Earlier this week Facebook launched a new application. Facebook Groups gives you access to the groups you manage or are a member of. As well as resurfacing an old community mainstay, the return of Groups as a standalone app can be seen as a defensive move for Facebook, ensuing that start-ups in a similar field gain less traction.
Groups on Facebook used to be a really (really) big thing, but they were somewhat overtaken by Pages. Groups never went away, but they remained a touch more inaccessible than more popular features. In part the Groups app (available on iOS and Android) will help expose the feature to Facebook users and potentially introduce it to millions more.
It will also act as fire-break between Facebook and other group-messaging applications. Through a mix of Facebook’s size, limited space on a smartphone’s screen, and doing everything possible to be thought of as ‘first’ in the consumer’s brain, Mark Zuckerberg’s social network is going to bring Groups back to life and diminish the prospect of other start-ups and software clients getting a foothold.
Let’s start with the idea of limited space on a smartphone. By this I don’t mean installation size or use of memory in a smartphone, but on icon and widget space. With space for just twenty-four applications on the first screen of an iPhone and a similar number of shortcuts on the primary Android home screens, any application that can reach these first screens will be opened more frequently than those installed at the far end of the app launcher screens.
The trick for Facebook will be to get its app moved up by the user, and this is where the brand name of Facebook will come in useful. It only took me a few days with the standalone Messaging app to move it so it was next to the Facebook app icon on that first screen. I’m sure that Groups will be just as easily promoted (although unlike Messaging, Facebook Groups will continue to be accessible via the main Facebook smartphone app).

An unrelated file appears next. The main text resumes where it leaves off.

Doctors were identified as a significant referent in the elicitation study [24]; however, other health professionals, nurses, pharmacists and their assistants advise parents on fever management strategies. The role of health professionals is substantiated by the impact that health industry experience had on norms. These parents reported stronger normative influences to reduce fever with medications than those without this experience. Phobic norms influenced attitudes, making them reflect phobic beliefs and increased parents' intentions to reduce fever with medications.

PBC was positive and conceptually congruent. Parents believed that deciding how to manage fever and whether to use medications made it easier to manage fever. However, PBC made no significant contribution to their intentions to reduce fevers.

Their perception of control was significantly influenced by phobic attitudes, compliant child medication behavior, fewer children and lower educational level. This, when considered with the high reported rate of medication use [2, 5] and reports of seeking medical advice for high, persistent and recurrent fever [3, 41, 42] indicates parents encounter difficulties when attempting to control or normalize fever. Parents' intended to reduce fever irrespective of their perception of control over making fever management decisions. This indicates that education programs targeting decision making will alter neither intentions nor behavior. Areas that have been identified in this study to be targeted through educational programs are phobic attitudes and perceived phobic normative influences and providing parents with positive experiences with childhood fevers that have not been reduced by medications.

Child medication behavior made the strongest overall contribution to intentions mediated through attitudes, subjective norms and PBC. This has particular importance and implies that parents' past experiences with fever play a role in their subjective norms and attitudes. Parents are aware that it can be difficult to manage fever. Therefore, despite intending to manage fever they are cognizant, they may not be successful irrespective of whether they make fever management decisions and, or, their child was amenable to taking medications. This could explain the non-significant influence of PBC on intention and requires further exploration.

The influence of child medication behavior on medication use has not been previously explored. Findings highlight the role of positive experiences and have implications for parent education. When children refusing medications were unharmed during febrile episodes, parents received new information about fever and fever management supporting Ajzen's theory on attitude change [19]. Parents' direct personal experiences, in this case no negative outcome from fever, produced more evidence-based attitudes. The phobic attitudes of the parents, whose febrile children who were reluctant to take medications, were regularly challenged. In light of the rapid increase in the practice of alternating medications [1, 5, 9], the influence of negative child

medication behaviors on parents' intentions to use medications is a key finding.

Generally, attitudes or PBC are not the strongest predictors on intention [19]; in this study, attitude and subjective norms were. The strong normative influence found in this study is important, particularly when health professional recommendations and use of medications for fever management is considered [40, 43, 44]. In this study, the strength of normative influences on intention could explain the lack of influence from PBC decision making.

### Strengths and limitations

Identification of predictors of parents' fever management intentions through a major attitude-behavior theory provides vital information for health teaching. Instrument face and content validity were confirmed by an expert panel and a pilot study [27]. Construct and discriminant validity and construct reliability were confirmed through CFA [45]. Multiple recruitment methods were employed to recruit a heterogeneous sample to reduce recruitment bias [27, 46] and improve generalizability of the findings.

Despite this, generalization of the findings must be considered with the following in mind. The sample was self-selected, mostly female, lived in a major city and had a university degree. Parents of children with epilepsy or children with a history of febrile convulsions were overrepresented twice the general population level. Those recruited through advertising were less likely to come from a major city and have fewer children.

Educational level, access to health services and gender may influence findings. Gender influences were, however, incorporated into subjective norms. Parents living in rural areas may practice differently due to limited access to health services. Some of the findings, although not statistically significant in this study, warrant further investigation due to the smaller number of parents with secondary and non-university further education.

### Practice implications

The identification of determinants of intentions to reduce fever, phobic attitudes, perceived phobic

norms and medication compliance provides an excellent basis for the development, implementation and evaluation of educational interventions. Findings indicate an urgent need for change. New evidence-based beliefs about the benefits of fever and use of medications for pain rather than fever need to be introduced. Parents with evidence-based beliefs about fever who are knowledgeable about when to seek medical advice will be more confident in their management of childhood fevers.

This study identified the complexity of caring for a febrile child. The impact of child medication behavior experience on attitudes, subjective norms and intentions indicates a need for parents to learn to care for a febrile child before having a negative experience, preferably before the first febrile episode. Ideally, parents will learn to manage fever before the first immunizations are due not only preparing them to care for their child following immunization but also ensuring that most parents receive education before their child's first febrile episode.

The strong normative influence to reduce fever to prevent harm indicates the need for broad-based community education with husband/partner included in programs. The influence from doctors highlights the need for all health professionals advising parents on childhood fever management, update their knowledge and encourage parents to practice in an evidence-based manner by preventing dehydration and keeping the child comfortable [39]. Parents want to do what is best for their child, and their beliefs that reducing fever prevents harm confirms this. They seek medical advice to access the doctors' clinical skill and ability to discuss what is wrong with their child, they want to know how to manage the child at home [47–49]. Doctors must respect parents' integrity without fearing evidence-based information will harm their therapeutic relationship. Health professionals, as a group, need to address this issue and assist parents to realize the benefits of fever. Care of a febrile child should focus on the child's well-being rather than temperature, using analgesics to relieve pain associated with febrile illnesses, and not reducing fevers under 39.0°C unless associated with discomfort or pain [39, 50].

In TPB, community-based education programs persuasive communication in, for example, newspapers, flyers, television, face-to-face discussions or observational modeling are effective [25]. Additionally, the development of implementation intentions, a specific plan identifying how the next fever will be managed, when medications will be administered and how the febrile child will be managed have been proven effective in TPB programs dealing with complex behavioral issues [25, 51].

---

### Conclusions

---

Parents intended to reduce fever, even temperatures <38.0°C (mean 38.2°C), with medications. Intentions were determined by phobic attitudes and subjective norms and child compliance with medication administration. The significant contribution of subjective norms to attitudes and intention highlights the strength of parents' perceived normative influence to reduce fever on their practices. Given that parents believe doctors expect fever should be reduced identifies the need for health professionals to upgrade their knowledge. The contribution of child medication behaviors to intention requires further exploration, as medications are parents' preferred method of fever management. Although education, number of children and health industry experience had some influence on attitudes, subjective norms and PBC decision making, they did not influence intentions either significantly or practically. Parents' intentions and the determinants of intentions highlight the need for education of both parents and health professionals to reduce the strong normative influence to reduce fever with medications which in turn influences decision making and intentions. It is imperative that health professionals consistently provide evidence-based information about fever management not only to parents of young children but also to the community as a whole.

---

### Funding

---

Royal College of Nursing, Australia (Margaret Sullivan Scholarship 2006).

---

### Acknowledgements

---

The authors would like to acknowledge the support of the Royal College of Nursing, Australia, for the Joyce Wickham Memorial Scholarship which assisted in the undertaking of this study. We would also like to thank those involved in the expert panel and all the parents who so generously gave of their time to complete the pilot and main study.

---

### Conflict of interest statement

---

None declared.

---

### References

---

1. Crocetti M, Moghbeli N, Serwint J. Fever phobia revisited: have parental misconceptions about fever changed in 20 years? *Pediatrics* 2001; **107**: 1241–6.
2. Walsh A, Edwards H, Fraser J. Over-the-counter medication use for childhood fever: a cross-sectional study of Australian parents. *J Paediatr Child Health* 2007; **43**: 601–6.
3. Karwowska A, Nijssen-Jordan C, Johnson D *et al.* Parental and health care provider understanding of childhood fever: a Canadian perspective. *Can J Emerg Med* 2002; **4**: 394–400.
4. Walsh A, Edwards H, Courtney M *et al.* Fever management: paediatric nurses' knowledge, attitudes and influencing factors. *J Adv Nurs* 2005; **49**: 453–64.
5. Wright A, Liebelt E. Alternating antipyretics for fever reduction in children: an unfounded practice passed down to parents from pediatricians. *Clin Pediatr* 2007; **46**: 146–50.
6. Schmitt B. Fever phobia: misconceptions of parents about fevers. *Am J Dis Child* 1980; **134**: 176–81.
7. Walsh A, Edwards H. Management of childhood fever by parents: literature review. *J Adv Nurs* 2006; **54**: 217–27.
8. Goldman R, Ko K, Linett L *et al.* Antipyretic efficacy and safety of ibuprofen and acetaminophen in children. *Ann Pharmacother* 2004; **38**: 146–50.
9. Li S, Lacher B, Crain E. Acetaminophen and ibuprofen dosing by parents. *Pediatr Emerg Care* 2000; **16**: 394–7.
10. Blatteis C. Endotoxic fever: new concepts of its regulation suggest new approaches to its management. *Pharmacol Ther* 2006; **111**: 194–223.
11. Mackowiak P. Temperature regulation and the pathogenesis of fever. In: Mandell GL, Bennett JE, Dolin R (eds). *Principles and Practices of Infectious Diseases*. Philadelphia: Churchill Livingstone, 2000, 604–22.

Because of its size and user base, Facebook has a number of inherent advantages. The chances are your friends and colleagues are already using Facebook and you have them as contacts. Everyone is familiar with the Facebook interface on the web and navigating through a Group will be second nature. The learning curve is minimal, and Groups works on the desktop and in the web browser just as easily as the connected app. It’s just finding Groups initially in Facebook is hard – after setting it up the ‘Search’ bar will list your groups as well when you type in the name.
The easiest decision to make when faced with choosing and setting up a group messaging apps is to go with Facebook’s solution.
This leads me to the crush in cognitive space. There are a number of group messaging apps out there already and the number is growing. It would be fair to say that in most circumstances, Facebook will be launching a new app and service to consumers, and the majority of consumers will be new to the ‘group messaging’ space. When a new group messaging app comes into their social circle (be it through an existing user or someone finding a new client to try out) the question that will dominate many people will be “why do I need another group messaging app when I have Facebook?”
This looks remarkably like that Facebook made when it spun the Messenger IM client out of the monolithic Facebook app. And while there was some grumbling online, Facebook has made that transition successfully, so why not try it again with the added bonus of resurfacing an older feature that presumably still has high engagement when people discover it?
Group Messaging has never been on the A-List of applications for investment or development, but it does have many champions. It appears that Facebook has decided that after imaging and instant messaging, group messaging will be the next battleground. Not only is it setting out its stall, it’s already building up the defences against the upcoming wave of apps that must surely be on their way.
By Ewan Spence